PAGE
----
Floating wind farms

 The dynamic floating structure weighs 5,300 tons and is 165 meters tall,To reduce our dependency on fossil fuels, governments are making big investments in wind energy. The technology used in offshore oil and gas extraction is now making wind power installation in deeper waters possible.

Offshore sites are seen as the best option for wind farms. Not only is wind virtually guaranteed 24/7, but also installations out at sea alleviate any concerns about noise pollution and damage to the beauty of the countryside.

Until now offshore wind turbines have had to be firmly rooted on the seabed with large and costly subsea structures. Things are changing, however, with the advent of Statoil’s innovative new offshore floating Hywind wind turbine, the first of which is now successfully moored in the North Sea off the Norwegian coast.

The Hywind turbine incorporates Trelleborg’s syntactic foam (hollow glass microspheres embedded in a binder) buoyancy technology.

“It’s like the proverbial iceberg,” says Gary Howland, Renewables Sales Manager for Trelleborg Offshore. “The mass floating below the surface ensures the stability of the wind turbine on the sea’s surface.”

Without the support of properly designed buoyancy the structure would be much less able to resist the extremes of the offshore environment, and the cable that anchors the turbine to the seabed could suffer premature damage.

For Hywind, Trelleborg designed and supplied 45 polymer-coated syntactic foam distributed buoyancy modules (DBMs), which supply buoyancy support for a three-ton, 100-meter section of cable as it exits the turbine spar and descends to the seabed 220 meters below the surface. The buoyancy modules include an internal clamp for secure fastening and precise positioning on the cable. The cable is supported mid-water in what is known as a “lazy wave” configuration, featuring gentle, long radius curves that minimize stress on the cable while accommodating natural movement created by wind and waves.

Trelleborg’s DBMs were originally developed for deepwater support of umbilicals and risers in the oil and gas industry.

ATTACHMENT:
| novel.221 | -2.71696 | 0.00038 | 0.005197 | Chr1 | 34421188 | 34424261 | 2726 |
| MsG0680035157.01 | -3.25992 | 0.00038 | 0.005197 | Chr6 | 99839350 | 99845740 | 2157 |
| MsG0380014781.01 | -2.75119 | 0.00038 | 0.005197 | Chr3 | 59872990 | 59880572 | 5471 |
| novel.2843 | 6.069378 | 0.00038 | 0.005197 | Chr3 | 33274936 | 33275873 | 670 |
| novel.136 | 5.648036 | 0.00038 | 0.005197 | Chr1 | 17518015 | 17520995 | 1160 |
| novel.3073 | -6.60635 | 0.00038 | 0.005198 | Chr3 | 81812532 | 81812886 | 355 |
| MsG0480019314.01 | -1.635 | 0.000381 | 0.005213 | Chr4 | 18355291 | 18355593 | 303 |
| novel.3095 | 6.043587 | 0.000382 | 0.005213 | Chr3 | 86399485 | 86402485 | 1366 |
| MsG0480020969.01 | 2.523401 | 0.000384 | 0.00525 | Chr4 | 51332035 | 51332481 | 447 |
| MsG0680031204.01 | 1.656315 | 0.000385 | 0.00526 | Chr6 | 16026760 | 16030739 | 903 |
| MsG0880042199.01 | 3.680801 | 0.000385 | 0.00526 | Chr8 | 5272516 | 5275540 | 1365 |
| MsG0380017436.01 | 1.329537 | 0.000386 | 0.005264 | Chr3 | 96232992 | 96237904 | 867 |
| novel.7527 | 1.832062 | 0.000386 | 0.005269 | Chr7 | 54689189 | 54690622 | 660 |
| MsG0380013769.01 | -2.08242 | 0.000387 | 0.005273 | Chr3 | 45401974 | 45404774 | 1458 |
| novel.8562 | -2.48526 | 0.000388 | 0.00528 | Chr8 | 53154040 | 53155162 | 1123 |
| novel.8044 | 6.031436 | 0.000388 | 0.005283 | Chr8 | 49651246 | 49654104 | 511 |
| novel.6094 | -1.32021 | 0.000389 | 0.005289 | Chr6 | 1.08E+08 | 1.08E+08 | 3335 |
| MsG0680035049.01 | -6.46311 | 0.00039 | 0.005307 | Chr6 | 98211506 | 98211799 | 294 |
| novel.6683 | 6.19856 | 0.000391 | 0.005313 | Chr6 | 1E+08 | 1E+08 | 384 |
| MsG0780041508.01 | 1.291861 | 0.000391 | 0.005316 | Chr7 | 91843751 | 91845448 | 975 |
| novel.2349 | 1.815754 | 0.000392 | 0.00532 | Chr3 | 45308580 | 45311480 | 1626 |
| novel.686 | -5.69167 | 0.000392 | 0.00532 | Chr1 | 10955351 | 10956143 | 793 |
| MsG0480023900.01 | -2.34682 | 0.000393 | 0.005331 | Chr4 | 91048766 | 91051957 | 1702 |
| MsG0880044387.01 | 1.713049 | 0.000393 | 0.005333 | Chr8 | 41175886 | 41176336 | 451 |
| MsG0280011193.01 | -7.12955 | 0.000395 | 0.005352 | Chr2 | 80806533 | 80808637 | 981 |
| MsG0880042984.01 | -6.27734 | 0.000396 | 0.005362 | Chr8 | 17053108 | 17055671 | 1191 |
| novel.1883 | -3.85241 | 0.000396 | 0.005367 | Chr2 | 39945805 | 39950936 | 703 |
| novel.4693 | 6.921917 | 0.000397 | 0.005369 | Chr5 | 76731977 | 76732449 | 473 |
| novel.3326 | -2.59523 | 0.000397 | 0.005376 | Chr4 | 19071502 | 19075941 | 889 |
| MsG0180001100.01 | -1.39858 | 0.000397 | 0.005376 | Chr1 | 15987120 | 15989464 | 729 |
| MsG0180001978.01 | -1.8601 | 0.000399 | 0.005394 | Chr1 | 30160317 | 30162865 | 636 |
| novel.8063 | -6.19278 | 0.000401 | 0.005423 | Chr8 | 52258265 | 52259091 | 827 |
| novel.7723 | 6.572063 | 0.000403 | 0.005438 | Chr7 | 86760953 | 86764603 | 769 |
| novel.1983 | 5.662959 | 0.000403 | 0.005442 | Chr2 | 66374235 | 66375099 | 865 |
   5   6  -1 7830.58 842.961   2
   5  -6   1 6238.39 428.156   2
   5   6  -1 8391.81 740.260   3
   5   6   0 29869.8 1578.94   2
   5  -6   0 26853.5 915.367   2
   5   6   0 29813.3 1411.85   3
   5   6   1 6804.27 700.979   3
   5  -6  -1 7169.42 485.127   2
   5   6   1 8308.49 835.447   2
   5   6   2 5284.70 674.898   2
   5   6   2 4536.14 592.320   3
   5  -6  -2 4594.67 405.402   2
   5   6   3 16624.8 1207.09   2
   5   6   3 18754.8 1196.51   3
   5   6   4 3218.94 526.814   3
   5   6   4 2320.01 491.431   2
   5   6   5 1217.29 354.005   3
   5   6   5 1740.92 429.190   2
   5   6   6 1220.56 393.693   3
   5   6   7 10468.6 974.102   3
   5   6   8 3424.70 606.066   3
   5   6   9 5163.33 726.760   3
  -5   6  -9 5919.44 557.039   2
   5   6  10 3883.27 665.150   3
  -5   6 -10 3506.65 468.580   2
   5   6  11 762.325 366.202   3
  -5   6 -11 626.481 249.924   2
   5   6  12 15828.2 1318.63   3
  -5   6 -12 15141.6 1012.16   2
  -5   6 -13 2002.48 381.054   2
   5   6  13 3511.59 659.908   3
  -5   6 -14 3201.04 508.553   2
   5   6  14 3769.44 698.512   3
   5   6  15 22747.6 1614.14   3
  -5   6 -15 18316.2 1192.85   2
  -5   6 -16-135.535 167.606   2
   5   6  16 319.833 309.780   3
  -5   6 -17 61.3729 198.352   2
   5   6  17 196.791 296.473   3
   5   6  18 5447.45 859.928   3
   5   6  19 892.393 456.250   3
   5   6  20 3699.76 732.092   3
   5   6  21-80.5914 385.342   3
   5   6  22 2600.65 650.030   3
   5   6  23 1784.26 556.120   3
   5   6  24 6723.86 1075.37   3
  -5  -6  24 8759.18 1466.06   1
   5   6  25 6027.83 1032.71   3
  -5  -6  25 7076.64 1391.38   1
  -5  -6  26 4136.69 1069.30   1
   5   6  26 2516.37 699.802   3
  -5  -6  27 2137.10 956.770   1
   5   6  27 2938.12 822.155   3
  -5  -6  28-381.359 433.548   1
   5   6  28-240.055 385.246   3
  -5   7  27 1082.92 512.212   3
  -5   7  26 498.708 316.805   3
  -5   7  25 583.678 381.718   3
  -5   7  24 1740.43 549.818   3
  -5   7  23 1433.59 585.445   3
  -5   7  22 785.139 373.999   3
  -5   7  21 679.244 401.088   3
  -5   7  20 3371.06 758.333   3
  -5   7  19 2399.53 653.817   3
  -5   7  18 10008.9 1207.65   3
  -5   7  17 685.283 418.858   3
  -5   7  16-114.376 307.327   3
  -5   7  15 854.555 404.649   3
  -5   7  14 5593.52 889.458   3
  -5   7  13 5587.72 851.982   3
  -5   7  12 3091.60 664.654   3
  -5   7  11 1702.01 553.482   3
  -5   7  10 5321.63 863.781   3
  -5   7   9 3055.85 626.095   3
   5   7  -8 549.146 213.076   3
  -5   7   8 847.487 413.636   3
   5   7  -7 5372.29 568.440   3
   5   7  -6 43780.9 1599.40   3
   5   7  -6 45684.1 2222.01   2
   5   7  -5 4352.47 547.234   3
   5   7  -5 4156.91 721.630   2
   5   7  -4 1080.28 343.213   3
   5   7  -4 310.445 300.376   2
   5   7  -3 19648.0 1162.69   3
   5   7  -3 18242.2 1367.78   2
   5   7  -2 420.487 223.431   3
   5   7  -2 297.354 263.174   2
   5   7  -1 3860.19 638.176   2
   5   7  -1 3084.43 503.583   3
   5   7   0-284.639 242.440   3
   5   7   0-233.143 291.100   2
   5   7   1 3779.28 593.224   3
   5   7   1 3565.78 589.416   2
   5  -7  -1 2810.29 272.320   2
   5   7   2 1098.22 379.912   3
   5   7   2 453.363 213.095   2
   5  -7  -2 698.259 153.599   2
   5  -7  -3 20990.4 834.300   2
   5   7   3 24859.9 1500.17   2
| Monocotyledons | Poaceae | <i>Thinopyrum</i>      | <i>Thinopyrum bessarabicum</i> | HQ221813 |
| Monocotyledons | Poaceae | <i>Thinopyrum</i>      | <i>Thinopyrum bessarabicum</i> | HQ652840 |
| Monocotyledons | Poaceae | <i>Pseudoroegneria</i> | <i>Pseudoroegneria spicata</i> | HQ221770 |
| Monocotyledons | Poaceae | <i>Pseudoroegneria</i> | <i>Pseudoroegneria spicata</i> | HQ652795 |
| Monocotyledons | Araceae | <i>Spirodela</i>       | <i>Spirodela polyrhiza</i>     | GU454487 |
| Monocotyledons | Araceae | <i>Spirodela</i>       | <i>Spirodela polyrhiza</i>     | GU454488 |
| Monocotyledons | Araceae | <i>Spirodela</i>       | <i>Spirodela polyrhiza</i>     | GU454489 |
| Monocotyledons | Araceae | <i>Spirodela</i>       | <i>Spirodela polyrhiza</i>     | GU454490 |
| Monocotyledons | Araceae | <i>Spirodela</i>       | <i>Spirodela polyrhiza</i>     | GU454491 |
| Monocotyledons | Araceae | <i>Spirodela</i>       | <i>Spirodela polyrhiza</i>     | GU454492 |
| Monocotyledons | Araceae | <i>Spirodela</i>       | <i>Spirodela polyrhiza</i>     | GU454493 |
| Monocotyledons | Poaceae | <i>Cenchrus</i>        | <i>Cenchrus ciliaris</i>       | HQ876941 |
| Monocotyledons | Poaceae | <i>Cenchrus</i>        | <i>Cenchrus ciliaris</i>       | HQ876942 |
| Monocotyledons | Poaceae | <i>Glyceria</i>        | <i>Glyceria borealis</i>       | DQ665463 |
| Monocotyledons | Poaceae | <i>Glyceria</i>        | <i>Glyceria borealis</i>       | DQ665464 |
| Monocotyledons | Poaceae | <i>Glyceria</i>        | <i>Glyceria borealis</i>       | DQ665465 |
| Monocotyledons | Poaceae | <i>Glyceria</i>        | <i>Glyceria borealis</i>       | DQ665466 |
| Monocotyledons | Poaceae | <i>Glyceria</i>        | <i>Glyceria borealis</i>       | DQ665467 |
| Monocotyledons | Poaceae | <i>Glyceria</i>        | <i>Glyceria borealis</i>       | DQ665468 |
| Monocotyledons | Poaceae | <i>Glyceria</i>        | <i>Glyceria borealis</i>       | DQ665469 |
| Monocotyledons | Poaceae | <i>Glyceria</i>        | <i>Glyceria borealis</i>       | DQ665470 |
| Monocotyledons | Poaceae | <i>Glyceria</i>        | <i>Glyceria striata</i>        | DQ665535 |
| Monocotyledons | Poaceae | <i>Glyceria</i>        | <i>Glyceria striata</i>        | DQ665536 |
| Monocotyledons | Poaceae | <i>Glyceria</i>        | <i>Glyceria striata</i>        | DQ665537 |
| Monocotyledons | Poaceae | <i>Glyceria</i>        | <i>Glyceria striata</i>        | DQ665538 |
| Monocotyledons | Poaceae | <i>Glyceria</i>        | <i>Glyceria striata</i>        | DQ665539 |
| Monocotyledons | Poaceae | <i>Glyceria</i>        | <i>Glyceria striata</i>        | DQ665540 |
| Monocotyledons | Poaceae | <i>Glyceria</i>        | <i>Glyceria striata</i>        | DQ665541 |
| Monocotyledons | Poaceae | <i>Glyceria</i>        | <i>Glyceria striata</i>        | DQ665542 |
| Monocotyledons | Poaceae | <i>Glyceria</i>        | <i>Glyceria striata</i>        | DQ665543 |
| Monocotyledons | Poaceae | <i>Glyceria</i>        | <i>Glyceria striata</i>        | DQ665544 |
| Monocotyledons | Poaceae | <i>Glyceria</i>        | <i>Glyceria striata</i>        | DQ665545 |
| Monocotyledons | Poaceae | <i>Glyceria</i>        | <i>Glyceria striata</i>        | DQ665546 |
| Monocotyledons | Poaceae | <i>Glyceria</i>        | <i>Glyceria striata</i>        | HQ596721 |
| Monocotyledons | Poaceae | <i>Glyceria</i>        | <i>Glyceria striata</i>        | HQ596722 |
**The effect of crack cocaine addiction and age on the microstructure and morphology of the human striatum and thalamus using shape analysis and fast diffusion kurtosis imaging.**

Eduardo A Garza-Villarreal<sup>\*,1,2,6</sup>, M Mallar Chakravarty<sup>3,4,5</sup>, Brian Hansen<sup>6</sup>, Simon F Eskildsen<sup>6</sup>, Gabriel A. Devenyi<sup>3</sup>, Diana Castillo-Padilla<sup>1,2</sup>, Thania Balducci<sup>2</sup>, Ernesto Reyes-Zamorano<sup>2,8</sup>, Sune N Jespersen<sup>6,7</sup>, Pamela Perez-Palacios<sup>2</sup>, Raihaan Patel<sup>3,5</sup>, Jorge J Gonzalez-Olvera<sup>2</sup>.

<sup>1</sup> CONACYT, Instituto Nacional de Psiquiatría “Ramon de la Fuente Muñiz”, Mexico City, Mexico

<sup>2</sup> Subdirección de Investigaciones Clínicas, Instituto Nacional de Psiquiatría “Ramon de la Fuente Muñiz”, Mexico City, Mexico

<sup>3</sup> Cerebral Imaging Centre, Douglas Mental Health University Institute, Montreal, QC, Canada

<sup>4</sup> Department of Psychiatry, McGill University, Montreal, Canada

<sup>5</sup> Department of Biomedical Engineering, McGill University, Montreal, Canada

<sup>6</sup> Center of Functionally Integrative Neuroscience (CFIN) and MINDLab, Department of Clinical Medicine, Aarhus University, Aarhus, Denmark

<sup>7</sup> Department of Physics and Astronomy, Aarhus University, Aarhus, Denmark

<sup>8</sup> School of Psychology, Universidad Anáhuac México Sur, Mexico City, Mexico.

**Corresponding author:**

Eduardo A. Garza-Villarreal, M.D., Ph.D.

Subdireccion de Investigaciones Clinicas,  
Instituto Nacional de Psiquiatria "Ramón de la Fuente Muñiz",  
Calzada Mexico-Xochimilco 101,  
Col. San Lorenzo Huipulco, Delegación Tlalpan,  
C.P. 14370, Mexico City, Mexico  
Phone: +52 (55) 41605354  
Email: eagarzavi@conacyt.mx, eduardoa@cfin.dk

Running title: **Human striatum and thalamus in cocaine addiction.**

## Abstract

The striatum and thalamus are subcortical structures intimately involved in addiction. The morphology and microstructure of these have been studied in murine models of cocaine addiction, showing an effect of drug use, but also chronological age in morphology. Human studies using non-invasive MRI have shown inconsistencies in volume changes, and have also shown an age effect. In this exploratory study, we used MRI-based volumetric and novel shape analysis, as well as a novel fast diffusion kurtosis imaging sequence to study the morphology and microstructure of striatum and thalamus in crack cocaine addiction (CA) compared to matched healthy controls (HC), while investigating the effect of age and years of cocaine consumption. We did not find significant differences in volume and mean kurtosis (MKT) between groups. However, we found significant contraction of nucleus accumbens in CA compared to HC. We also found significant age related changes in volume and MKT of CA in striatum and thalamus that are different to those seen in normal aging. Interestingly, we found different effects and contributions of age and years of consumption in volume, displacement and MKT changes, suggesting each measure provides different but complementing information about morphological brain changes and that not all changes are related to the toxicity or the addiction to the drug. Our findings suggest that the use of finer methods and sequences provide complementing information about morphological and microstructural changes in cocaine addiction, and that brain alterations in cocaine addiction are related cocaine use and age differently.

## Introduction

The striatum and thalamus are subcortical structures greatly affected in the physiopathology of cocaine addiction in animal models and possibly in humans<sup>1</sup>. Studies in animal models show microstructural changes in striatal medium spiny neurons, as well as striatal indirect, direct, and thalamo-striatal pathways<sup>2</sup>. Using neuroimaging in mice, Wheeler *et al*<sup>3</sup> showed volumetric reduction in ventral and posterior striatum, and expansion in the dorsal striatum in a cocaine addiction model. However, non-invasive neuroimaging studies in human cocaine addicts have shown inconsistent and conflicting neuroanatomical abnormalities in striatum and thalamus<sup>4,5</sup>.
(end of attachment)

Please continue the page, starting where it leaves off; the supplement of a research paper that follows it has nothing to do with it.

“It is subsea technology that has already been extensively proven,” says Howland. “People see the tower and turbine but forget that the expertise in designing the subsea portion is also critical, as ultimately it keeps the whole turbine afloat. We have seen many of the technical challenges before in the offshore oil and gas arena, so our engineers can quickly adapt proven solutions for use in offshore wind power generation. This will greatly reduce project risk and make development of the industry quicker and less costly.”

KEEPING THE STRUCTURE AFLOAT
For optimum buoyancy under different sea conditions, the precise position of Trelleborg’s 45 polymer-coated syntactic foam distributed buoyancy modules (DBMs) on the cable from the Statoil’s Hywind floating wind turbine is precalculated.

The positions must be maintained, despite stresses during launch and in operation. The clamp is crucial; the design, material selection and manufacturing technique are critical in ensuring that the finished clamp maintains the buoyancy module position during cable contraction and expansion over the 20-year lifetime of the project.

“Trelleborg has substantial expertise in operating in deepwater marine and subsea environments, and a track record acknowledged by leading offshore engineering companies around the world,” says Trelleborg’s Gary Howland. “The company has significant experience in the supply of DBMs, with more than 35,000 modules in service. This experience will be invaluable in the rapid establishment of the far-offshore renewables industry.”

For further information:

news@trelleborg.com

www.trelleborg.com

dependency floating wind farms fossil fuels offshore power generation reduce trelleborg turbine
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